Beit Midrash

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To dedicate this lesson
part II

Unsigned Estimates for a Contractor


Various Rabbis

Case: The defendant (=def) wanted to do major renovations in her home and asked the plaintiff (=pl), a contractor, for an estimate. After presenting a detailed price estimate, pl was chosen and began working; def never signed the estimate. During the course of the work, many changes were made to the original plan, without additional estimates being made. There is now a dispute over payment. Def feels that pl overcharged for many of the elements of the job and that she should not be bound by charges to which she never agreed. She feels this is true not only regarding the changes but even regarding some of the originally stated prices. She explains that this is why she did not sign the estimate. Pl says that not only is def bound by his price estimates, but since he can prove that the prices for the new elements of the job are his standard prices, she is bound by them since she did not ask for a new estimate. Additionally, some of the new elements were just additional units of work included in the original estimate.

Ruling: [Last week we saw that def is bound by the price estimate, and now we must look at the matter of the work that was decided upon after the estimate was set.]
The gemara (Bava Metzia 76a) deals with a middleman who told workers a price that the homeowner would pay where the homeowner had actually said a lower price. In such a case, where the worker was authorized to work but there was effectively no price set, the standard price is used and where there is a range, the worker receives the lower price (Shulchan Aruch, Choshen Mishpat 332:1). Therefore, regarding elements of the work whose price was not set, def ostensibly should only have to pay minimum prices.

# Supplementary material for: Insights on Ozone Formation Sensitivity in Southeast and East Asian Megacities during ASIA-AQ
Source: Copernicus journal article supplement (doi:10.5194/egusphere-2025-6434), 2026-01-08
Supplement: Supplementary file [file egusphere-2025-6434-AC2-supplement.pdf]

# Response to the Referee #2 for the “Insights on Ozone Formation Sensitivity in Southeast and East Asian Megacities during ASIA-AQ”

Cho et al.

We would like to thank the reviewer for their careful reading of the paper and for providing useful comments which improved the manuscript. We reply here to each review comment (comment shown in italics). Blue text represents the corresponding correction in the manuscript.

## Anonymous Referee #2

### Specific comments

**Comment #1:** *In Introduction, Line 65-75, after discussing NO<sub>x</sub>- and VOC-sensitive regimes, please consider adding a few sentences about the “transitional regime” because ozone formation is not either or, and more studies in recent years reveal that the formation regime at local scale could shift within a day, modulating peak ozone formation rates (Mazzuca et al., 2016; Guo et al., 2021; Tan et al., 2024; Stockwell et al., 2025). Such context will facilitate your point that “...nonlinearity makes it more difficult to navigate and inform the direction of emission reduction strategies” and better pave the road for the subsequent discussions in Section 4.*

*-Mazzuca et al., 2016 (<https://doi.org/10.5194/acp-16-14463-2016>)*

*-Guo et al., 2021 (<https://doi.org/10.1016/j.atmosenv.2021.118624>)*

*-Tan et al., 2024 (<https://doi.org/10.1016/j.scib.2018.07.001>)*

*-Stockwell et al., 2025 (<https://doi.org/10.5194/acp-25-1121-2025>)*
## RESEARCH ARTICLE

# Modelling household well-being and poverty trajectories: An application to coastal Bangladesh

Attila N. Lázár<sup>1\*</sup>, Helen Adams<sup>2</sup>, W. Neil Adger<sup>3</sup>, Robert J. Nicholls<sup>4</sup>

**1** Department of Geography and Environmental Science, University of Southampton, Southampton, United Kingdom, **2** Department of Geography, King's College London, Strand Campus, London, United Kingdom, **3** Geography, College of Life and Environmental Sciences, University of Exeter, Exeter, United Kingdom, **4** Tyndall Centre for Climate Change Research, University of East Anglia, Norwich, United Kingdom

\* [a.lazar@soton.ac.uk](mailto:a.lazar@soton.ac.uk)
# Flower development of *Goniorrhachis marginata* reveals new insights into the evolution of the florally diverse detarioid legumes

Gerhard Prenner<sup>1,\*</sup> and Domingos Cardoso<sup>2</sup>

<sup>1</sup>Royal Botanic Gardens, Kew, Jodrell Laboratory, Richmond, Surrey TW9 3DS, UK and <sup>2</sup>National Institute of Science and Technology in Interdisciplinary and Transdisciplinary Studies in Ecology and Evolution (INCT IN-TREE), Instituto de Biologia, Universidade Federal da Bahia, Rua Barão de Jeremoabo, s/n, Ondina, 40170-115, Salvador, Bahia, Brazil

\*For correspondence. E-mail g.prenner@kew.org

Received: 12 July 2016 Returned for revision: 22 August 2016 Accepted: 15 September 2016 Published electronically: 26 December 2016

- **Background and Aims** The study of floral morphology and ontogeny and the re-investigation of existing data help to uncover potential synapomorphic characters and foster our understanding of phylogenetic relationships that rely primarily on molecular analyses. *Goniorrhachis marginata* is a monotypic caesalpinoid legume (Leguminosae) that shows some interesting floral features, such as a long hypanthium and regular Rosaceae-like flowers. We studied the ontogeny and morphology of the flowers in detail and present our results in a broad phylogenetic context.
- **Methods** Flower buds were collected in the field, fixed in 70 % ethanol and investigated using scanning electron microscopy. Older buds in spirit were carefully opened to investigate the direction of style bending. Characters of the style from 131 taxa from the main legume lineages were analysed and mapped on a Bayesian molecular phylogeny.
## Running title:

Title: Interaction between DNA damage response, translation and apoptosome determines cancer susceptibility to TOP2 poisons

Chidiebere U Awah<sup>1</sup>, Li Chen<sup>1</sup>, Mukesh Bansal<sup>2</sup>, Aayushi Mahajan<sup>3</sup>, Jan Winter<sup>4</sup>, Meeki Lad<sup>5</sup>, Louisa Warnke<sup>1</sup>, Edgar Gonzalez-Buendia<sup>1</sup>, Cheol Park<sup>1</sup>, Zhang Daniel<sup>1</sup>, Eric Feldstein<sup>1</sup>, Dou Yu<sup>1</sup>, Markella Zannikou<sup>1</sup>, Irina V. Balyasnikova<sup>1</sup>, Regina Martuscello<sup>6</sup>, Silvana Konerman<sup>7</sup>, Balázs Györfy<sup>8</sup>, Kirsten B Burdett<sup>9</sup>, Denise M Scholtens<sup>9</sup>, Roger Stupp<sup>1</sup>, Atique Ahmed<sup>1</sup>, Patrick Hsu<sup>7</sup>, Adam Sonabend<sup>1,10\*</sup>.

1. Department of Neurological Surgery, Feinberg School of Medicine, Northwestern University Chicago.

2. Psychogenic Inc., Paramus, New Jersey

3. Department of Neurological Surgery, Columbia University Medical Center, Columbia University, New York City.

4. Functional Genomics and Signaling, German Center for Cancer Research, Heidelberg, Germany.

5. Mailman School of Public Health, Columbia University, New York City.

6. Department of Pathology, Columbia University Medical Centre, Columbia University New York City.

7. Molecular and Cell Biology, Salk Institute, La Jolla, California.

However, there are exceptions to the rule. For example, the Rivash (475) and Rama (CM 333:8) discuss a chazan who was hired for a year with a certain compensation package. After the year, he continued working without discussing his compensation. They say that we assume that the same conditions continue. Therefore, in regard to elements of the work that are just additional units of items spelled out in the estimate, pl gets paid at the same rate.
The Maharashdam (CM 335) discusses a worker who did a job at a given price and after a few months did the same job without discussing price. The Maharashdam said that since prices in the field went up, the worker is entitled to a higher compensation. Furthermore, he says that if the worker previously received higher than average pay, he deserves more than average this time as well. Since the employer knew his price policy and agreed for him to work without stipulation, he accepted the policy upon himself. However, the Maharashdam concluded that since the worker is also at fault for not setting a new price, beit din should make a compromise between the different possible prices. Since the Maharashdam’s logic can be applied to our case, beit din asked of a court appointed expert to set a moderate price for those elements of the work that are not related to items in the original estimate.
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